withheld on the basis of those privileges. With regard to her objections to certain
discovery requests on relevance grounds, defendant argues that there should be no
need to specify whether she has possession of such documents.
Rule 34(b)(2)(C) does not distinguish between types of objections or provide
for implied assertions.
The Court will order defendant to comply with Rule
34(b)(2)(C) and affirmatively state whether any responsive materials are being
withheld on the basis of objections defendant N.M. has asserted to requests 1–8,
15–16, 21 and 23.
Rape Crisis Center Privilege
Plaintiff also requests that the Court overrule N.M.’s assertions of the rape
crisis center privilege in her objections to interrogatory 1 and document requests 2,
3, 7 and 23. These discovery requests seek information and materials regarding
N.M.’s interactions and communications with the SNAP defendants, with whom
plaintiff alleges that N.M. conspired to deprive plaintiff of his civil rights. Defendant
N.M. seeks to invoke this privilege on the basis of section 455.003 of the Missouri
Rule 501 of the Federal Rules of Evidence “authorizes federal courts to define
new privileges by interpreting ‘common law principles . . . in the light of reason and
experience.’” Jaffee v. Redmond, 518 U.S. 1, 8 (1996).
As the Supreme Court
has observed, “the common law is not immutable but flexible, and by its own
principles adapts itself to varying conditions.” Id. (quoting Funk v. United States,
290 U.S. 371, 383 (1933)). Rule 501, thus, directs federal courts to “continue the
evolutionary development of testimonial privileges.” Id. at 9 (quoting Trammel v.
United States, 445 U.S. 40, 47 (1980)). The recognition of a privilege based on a
confidential relationship should be determined on a case-by-case basis.
Id. at 8
(quoting S. Rep. No. 93-1277, at 7059 (1974)).
The Supreme Court also has recognized as a “fundamental maxim that the
public . . . has a right to every man’s evidence.” Id. at 9 (quoting United States v.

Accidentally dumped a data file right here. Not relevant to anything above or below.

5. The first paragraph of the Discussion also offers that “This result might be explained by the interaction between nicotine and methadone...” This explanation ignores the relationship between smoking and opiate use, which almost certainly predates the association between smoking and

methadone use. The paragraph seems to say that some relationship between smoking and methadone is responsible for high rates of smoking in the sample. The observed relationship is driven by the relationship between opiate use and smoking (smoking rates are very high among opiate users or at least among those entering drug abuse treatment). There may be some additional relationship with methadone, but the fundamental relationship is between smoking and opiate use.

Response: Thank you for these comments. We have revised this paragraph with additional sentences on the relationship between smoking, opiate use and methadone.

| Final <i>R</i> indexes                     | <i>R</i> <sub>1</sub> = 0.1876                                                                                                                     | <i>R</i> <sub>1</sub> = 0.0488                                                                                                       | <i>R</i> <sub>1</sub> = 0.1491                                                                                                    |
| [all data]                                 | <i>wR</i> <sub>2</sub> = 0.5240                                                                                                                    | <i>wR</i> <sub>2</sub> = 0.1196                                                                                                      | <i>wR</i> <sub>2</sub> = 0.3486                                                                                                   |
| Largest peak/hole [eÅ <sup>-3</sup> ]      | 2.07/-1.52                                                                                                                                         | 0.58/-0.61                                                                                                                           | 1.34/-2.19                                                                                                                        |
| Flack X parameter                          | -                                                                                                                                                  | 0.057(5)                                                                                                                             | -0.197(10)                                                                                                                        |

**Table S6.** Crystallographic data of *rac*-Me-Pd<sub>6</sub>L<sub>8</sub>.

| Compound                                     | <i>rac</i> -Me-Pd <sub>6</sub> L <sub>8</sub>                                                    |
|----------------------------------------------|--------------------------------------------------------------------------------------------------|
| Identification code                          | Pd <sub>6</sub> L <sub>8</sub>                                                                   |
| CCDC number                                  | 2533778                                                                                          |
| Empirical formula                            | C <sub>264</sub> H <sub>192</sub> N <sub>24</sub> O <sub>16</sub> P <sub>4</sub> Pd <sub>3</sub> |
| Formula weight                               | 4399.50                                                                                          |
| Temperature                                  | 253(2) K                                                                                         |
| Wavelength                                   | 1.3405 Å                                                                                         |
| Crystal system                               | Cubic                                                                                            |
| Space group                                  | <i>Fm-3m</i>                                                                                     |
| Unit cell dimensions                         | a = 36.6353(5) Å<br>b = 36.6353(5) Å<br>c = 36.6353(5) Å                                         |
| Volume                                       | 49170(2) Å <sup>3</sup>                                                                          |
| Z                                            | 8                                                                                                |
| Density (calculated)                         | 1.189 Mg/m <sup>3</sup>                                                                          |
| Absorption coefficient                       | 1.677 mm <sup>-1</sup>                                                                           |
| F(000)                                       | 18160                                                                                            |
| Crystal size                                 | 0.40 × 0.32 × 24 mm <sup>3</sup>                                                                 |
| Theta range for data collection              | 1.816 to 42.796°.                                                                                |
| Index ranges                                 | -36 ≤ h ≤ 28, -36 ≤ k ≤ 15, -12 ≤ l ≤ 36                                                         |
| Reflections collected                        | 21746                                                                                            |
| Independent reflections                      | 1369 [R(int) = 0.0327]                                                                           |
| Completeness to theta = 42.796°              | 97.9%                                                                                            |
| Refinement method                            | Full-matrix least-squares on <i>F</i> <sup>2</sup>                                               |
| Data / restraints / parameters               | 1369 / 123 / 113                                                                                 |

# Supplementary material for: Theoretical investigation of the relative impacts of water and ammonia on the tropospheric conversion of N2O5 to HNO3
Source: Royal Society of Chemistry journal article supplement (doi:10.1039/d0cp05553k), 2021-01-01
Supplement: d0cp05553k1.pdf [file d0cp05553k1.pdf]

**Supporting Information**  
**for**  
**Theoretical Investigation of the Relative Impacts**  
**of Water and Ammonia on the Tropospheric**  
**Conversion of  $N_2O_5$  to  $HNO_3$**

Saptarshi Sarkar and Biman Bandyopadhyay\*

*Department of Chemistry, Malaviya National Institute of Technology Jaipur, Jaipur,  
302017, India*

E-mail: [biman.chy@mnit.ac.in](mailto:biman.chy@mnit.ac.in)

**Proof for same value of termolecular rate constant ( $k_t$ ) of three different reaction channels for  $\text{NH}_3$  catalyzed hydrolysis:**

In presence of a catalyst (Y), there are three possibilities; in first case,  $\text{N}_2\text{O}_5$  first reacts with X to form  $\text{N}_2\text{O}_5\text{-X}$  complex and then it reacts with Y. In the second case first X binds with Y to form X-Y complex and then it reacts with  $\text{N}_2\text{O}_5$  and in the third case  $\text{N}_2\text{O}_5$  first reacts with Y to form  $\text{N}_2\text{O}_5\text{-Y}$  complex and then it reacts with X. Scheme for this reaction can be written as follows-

Bryan, 339 U.S. 323, 331 (1950)).
When federal courts examine claims of
exemption, “we start with the primary assumption that there is a general duty to
give what testimony one is capable of giving, and that any exemptions which may
exist are distinctly exceptional, being so many derogations from a positive general
rule.” Id. (quoting Bryan, 339 U.S. at 331); see United States v. Nixon, 418 U.S.
683, 710 (1974) (“[T]hese exceptions to the demand for every man’s evidence are
not lightly created nor expansively construed, for they are in derogation of the
search for truth.”).
“Exceptions from the general rule disfavoring testimonial
privileges may be justified, however, by a ‘public good transcending the normally
predominant principle of utilizing all rational means for ascertaining truth.’” Jaffee,
518 U.S. at 9 (quoting Trammel, 445 U.S. at 50).
A party seeking judicial
recognition of a new evidentiary privilege under Rule 501 must “demonstrate with a
high degree of clarity and certainty that the proposed privilege will effectively
advance a public good.” In re Sealed Case, 148 F.3d 1073, 1076 (D.C. Cir. 1998);
see In re Grand Jury Investigation, 918 F.2d. 374, 383 (3d Cir. 1990) (stating that
federal courts should exercise their narrow authority under Rule 501 “only after
careful consideration in the face of a strong showing of need for the privilege”).
Defendant N.M. has asserted a rape crisis center privilege in response to
discovery requests, but has not demonstrated that adopting the privilege here will
effectively advance the public good or otherwise made a strong showing of need for
Defendant simply asserts as a general proposition that “[p]ublic
policy strongly favors the recognition of the Rape Crisis Center Privilege in this
case.” Def. N.M.’s Memo. in Opp. at 3 [Doc. #111]. This blanket assertion does
not “overcome the significant burden of establishing that ‘permitting a refusal to
testify or excluding relevant evidence has a public good transcending the normally
predominant principle of utilizing all rational means for ascertaining truth.’”
Carman v. McDonnell Douglas Corp., 114 F.3d 790, 793 (1997) (quoting Trammel,
445 U.S. at 50).
Accordingly, the Court declines defendant N.M.’s invitation to
recognize the rape crisis center privilege here.